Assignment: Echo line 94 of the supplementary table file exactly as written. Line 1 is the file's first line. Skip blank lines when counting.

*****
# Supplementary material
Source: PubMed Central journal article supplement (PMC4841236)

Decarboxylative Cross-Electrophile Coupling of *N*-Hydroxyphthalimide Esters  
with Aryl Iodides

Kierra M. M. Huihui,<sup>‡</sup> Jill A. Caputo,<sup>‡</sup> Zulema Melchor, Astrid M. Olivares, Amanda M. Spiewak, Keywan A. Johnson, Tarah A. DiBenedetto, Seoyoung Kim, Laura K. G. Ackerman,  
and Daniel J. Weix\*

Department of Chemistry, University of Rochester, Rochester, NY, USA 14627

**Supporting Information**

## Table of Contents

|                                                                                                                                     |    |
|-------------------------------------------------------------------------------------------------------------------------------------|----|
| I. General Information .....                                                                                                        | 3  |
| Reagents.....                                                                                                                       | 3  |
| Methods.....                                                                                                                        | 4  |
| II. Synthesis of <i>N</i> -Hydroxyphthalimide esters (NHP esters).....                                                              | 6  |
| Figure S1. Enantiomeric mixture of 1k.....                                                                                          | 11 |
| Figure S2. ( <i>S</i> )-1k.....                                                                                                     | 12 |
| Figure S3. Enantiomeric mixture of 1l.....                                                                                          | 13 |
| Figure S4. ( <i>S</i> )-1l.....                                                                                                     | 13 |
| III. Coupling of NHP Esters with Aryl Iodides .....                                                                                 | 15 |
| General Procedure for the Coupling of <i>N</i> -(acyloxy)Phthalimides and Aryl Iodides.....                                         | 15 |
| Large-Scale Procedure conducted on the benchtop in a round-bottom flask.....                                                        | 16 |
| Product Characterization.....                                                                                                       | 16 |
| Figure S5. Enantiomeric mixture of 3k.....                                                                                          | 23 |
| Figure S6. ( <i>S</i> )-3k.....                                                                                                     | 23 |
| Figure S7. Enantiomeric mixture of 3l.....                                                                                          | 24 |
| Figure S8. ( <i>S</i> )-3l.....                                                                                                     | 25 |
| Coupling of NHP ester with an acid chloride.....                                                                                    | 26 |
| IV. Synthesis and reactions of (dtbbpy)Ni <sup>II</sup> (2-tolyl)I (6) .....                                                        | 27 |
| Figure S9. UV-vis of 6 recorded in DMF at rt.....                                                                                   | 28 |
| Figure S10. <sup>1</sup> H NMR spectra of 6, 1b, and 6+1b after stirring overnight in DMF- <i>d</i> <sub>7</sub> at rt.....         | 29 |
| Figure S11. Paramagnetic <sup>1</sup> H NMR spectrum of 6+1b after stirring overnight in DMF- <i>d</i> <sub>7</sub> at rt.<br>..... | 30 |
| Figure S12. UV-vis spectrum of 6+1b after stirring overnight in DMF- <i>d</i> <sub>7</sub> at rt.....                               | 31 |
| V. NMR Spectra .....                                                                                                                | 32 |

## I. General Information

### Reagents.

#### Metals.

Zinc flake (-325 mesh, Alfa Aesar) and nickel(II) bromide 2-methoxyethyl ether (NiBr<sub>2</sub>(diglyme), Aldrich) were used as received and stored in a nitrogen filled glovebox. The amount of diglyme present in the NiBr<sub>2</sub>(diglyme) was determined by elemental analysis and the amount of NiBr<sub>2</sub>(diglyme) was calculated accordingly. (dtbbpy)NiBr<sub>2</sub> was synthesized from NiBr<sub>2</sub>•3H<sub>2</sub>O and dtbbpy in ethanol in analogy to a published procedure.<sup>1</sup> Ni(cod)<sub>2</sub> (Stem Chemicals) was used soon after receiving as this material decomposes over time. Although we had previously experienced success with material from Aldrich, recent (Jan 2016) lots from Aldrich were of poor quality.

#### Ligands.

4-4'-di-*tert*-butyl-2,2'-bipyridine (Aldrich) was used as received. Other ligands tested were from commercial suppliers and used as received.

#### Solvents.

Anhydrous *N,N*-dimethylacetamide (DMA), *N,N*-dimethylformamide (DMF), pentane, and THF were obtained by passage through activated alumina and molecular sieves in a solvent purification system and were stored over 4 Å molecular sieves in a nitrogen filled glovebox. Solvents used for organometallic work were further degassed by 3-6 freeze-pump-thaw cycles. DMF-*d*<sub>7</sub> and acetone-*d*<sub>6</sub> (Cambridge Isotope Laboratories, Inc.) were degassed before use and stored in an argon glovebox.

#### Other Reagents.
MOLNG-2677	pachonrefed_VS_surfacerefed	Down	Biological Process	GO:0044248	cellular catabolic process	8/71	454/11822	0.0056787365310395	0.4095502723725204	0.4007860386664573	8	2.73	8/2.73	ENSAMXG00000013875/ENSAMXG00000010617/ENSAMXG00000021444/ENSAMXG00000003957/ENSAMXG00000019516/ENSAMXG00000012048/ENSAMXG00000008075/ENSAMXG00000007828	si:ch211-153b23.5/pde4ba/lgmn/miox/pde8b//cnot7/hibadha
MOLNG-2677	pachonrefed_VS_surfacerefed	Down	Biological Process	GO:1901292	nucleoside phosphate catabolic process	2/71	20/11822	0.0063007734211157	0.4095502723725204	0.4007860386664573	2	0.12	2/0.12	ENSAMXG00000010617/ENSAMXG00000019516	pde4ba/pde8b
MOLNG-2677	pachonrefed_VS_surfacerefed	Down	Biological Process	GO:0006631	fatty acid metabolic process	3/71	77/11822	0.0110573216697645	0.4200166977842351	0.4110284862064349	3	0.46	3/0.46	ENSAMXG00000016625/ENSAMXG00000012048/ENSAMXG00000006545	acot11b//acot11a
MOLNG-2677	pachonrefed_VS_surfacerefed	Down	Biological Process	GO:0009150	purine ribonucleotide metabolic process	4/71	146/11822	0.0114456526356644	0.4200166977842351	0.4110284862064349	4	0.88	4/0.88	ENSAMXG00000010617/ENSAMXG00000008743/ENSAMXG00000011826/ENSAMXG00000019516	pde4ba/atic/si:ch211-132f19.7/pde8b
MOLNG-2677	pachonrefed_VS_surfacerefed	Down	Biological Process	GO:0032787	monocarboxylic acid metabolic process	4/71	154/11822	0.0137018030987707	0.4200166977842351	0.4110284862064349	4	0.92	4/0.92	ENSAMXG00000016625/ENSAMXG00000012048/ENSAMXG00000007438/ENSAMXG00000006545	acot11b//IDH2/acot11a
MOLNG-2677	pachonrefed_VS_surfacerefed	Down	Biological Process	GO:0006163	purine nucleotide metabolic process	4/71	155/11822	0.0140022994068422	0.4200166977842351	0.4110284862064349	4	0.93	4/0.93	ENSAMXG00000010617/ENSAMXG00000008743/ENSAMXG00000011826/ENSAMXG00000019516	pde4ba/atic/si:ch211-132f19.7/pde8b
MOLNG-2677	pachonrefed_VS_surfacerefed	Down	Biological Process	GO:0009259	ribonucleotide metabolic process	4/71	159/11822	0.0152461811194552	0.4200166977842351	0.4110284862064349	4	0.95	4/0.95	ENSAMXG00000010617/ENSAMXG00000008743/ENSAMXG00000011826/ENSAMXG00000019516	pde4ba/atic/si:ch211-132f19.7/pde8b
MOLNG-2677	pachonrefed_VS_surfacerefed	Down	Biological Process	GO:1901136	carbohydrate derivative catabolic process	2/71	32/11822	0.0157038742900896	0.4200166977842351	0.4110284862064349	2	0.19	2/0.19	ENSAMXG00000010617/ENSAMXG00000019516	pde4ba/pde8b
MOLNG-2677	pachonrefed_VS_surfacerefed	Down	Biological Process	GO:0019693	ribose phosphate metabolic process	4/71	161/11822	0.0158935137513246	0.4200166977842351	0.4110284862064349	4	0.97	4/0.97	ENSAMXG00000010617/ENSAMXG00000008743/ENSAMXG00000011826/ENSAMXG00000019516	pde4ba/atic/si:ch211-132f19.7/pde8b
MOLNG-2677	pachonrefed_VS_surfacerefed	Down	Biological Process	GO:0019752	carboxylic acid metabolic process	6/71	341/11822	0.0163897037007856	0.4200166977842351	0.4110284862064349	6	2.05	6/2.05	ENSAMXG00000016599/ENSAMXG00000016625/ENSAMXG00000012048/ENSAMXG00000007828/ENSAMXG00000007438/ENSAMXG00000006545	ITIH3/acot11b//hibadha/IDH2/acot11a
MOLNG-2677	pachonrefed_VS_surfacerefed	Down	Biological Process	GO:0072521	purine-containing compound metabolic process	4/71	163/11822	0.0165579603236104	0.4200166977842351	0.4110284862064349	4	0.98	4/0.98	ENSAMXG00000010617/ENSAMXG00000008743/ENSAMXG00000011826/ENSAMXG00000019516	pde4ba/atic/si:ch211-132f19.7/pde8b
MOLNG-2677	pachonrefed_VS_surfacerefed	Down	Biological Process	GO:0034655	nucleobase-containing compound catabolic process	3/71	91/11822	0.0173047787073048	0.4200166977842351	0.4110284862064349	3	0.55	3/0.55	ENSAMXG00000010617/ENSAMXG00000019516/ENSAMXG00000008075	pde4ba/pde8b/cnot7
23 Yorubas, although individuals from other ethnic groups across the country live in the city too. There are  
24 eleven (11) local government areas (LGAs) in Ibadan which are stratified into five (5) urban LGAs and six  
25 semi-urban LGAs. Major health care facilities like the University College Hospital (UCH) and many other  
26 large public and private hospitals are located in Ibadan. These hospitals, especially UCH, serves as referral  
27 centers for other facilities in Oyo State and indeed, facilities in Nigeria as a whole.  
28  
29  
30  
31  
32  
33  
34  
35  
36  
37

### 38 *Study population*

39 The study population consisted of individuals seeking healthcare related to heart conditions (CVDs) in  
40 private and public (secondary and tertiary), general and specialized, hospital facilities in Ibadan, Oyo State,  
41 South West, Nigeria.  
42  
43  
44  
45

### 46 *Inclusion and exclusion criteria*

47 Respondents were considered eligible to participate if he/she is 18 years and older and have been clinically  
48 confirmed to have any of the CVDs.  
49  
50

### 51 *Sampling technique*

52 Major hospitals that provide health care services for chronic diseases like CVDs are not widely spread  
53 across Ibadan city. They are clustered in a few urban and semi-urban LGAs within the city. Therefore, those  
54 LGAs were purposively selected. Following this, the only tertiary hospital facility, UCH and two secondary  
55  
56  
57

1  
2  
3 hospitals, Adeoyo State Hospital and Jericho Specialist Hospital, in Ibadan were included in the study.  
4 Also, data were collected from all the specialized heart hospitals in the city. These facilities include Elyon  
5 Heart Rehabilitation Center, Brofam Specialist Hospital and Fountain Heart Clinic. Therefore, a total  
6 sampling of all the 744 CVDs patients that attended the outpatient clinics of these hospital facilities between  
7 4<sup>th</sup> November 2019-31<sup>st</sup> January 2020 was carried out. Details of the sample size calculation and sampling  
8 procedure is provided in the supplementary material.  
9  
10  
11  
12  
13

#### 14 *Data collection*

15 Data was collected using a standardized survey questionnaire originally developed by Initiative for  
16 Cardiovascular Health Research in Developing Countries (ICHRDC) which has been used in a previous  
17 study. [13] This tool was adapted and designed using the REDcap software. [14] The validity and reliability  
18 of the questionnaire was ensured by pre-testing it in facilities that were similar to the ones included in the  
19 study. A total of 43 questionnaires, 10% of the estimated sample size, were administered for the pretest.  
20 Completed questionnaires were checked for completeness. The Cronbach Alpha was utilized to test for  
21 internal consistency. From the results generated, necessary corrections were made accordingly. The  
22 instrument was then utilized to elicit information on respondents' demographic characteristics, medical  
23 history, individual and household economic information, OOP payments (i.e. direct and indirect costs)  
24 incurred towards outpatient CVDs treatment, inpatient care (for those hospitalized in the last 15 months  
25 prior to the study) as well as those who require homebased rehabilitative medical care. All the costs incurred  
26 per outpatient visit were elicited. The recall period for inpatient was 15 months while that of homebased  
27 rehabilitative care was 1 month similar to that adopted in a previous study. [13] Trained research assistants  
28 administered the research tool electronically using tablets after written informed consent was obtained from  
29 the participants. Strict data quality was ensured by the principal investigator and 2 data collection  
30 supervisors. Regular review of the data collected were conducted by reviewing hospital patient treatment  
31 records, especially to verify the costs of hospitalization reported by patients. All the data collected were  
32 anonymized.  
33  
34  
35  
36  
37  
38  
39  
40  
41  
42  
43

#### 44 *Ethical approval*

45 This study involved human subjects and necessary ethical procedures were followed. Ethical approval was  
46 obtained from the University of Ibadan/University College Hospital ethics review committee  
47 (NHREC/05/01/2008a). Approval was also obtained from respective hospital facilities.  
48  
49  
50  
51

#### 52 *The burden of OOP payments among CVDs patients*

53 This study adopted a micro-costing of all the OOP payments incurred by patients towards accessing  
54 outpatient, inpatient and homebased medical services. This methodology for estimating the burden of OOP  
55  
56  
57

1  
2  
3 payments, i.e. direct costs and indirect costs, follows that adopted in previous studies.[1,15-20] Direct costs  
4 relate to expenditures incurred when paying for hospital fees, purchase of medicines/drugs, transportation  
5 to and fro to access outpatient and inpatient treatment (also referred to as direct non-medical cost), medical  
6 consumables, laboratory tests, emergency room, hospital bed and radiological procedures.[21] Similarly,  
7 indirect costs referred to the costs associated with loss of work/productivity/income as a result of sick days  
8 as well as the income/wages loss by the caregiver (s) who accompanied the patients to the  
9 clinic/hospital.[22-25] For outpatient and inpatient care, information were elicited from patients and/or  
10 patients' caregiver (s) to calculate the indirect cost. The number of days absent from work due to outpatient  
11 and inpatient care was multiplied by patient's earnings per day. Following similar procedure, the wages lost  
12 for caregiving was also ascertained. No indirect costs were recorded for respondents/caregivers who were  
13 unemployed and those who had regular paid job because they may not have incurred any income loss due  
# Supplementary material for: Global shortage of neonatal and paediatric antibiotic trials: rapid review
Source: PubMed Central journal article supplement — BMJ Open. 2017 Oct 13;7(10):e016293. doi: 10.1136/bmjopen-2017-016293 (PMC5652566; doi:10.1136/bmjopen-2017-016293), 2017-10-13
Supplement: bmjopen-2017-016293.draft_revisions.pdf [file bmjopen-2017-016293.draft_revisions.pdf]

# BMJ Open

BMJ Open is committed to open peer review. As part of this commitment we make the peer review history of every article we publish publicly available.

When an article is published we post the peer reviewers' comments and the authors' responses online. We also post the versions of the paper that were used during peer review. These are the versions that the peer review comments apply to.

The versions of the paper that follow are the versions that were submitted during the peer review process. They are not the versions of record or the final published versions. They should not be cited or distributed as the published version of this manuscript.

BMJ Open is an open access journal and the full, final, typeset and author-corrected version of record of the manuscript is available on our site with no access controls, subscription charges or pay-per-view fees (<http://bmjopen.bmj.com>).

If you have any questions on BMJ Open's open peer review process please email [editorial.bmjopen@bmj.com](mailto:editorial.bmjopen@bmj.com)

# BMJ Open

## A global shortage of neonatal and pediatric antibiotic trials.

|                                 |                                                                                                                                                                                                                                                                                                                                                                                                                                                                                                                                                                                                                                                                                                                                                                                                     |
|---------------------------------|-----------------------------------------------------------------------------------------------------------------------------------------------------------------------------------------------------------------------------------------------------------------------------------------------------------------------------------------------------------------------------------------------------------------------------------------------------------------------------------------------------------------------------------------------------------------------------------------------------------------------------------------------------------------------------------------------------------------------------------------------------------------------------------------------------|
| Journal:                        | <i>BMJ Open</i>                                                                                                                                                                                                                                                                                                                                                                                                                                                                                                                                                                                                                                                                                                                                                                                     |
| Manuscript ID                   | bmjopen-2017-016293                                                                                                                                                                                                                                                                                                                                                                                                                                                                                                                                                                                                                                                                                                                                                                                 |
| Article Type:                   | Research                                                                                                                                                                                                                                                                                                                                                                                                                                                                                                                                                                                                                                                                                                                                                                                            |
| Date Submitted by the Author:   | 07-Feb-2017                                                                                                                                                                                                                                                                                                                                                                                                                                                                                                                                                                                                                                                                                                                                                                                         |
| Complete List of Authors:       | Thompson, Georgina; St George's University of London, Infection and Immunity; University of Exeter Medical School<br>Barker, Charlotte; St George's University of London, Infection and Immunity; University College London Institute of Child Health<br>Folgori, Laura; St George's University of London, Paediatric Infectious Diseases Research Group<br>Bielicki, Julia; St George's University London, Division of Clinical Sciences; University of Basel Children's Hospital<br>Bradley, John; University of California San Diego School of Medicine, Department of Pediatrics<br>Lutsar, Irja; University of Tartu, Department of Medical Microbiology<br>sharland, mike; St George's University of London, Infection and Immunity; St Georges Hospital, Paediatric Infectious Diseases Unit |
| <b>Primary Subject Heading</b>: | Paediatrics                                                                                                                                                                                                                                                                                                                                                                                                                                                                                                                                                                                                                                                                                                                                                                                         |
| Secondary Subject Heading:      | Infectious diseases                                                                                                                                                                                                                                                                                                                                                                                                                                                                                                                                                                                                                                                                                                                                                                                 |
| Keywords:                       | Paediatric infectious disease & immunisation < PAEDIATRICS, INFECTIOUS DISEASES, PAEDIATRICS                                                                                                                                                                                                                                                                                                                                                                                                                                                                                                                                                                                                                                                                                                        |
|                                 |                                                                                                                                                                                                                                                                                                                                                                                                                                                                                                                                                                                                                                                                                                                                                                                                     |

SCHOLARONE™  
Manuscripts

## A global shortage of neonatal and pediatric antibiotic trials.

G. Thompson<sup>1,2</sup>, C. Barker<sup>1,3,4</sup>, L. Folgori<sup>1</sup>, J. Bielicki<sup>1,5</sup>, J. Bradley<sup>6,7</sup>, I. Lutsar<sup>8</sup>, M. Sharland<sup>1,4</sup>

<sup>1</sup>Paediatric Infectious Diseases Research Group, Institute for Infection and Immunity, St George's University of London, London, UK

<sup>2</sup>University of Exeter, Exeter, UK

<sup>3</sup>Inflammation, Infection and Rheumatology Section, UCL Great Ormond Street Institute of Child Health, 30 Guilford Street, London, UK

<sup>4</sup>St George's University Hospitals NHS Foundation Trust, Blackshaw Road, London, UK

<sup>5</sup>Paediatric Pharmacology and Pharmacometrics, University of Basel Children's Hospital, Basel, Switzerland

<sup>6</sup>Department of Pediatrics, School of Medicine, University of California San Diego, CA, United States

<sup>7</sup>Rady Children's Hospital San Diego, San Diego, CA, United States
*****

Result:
4 Also, data were collected from all the specialized heart hospitals in the city. These facilities include Elyon  